Harrowing Short Film Depicts a Suicide Attempt in the Heart of Tokyo’s Bustling Nightlife District

Woman bonds with 911 operator in director Jo Motoyo's award-winning work

911 operator in a still from Jo Motoyo's film Midnight
In 2018, Japan's suicide rate hit a 30-year high.
TOKYO

An all-too-brief young life flashes before a young woman’s eyes as she swallows pill after pill, waiting for the darkness to overtake her.

On the other side of the line, a 911 operator relates, in an unusually personal way, to this woman’s tale of bullying and the fruitless search for meaning in her own life.

“You don’t need to come,” the young woman says as the operator zeroes in on her location. “I just wanted someone to talk to one last time.”

Perhaps ironically, her pained cry comes from the middle of a packed Tokyo karaoke bar. As she asks the operator to apologize to her mother, her peers sing, dance and share intimate moments in close proximity, oblivious to the fact that a young life is about to end.

The nameless operator views her own day-to-day existence in parallel to that of the girl whose life she ultimately saves.

Emergency technicians arrive on the scene, she sheds a single tear as the clock strikes midnight and her workday ends. The next morning this vicious cycle will begin again.

Branded content offerings often call themselves “short films,” but this work from Japanese production company Tokyo earns that title in that it does not advertise any specific product. It was the “Popular Vote” winner at this year’s Adfest event in Pattaya, Thailand, where director Jo Motoyo served on the jury, and the company has begun pitching it again ahead of next week’s Cannes Lions festival.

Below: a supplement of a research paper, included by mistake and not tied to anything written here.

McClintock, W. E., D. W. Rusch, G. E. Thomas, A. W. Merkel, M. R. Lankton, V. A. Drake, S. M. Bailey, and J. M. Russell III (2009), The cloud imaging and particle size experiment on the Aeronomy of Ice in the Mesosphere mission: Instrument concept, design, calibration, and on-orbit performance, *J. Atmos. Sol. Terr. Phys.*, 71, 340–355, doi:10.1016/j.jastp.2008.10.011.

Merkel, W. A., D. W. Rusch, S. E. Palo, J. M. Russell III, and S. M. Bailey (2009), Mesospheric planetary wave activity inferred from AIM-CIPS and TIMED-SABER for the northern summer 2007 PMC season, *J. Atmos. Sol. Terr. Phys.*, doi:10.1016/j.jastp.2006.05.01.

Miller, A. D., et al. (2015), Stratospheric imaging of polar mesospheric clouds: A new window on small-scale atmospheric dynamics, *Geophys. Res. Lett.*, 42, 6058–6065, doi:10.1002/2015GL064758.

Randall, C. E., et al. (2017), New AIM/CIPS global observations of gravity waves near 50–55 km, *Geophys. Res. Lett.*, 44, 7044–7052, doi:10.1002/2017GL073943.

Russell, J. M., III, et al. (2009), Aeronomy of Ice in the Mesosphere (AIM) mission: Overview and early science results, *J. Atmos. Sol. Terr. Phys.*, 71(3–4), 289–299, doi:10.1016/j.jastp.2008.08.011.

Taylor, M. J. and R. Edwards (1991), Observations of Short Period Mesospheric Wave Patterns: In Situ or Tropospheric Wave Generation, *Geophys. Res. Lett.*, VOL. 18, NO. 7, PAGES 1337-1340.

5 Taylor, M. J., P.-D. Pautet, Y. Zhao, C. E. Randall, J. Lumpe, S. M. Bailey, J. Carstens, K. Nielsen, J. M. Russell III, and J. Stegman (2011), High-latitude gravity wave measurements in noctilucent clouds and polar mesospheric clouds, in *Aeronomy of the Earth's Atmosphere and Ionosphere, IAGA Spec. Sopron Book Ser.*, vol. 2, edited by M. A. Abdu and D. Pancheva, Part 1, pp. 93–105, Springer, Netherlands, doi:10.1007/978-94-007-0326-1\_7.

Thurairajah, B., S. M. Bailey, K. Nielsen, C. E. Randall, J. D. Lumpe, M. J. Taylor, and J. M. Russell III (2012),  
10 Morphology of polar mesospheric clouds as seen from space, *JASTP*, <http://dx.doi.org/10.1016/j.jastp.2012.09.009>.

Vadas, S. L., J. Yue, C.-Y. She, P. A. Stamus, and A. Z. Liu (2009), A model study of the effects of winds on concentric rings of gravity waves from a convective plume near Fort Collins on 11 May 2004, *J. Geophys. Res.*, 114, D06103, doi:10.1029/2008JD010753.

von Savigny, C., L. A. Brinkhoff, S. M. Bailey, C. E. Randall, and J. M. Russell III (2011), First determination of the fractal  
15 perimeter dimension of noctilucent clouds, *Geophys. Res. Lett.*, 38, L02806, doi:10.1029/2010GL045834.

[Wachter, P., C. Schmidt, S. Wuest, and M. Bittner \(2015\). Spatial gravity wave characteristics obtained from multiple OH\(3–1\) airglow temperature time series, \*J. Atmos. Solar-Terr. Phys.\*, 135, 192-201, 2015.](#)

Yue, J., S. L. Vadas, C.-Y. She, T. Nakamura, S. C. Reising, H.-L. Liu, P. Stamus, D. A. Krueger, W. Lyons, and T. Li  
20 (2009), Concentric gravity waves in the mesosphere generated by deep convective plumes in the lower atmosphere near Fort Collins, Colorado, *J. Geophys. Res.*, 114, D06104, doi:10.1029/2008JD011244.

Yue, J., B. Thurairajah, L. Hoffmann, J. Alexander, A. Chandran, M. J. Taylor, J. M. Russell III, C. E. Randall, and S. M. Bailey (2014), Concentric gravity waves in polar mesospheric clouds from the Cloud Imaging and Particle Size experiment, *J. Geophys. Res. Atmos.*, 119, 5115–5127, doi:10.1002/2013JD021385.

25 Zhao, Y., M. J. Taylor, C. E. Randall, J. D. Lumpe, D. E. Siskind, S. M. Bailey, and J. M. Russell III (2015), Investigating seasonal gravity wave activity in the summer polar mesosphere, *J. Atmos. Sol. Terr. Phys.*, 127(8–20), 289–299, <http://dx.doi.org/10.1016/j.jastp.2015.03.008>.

“People always pretend to be happy. But I don’t think that’s always necessary,” Motoyo said of the work. “Everyone has a dark side, but they keep it to themselves. I really wanted to highlight that with this film.”

She also made a point of focusing on bullying and suicide among young people in Japan, which have earned increased media attention in recent years.

“The setting was unique because I put a blind in between myself and all the actors so I couldn’t see them,” added Motoyo, who interviewed 80 young women during the audition. “I asked them what their toughest experiences were, and 80% of them answered [that] they were bullied.”

Regarding her goals with the project, she said, “I wanted the audience to interpret the film in their own way, which is why the ending is a bit open. The last scene, where the main character is staring at the PC, there’s so much emotion in her eyes and you can really feel it. That’s what I hoped to accomplish.”

In late 2018, Japan’s Cabinet Office said the country’s suicide rate among young people had hit a 30-year high.

CREDITS

Writer, Director: Jo Motoyo
Lead Actor: Maho Yamamda
Cinematographer: Tadashi Sato
Producer: Maiko Shimada
Production Company: Tokyo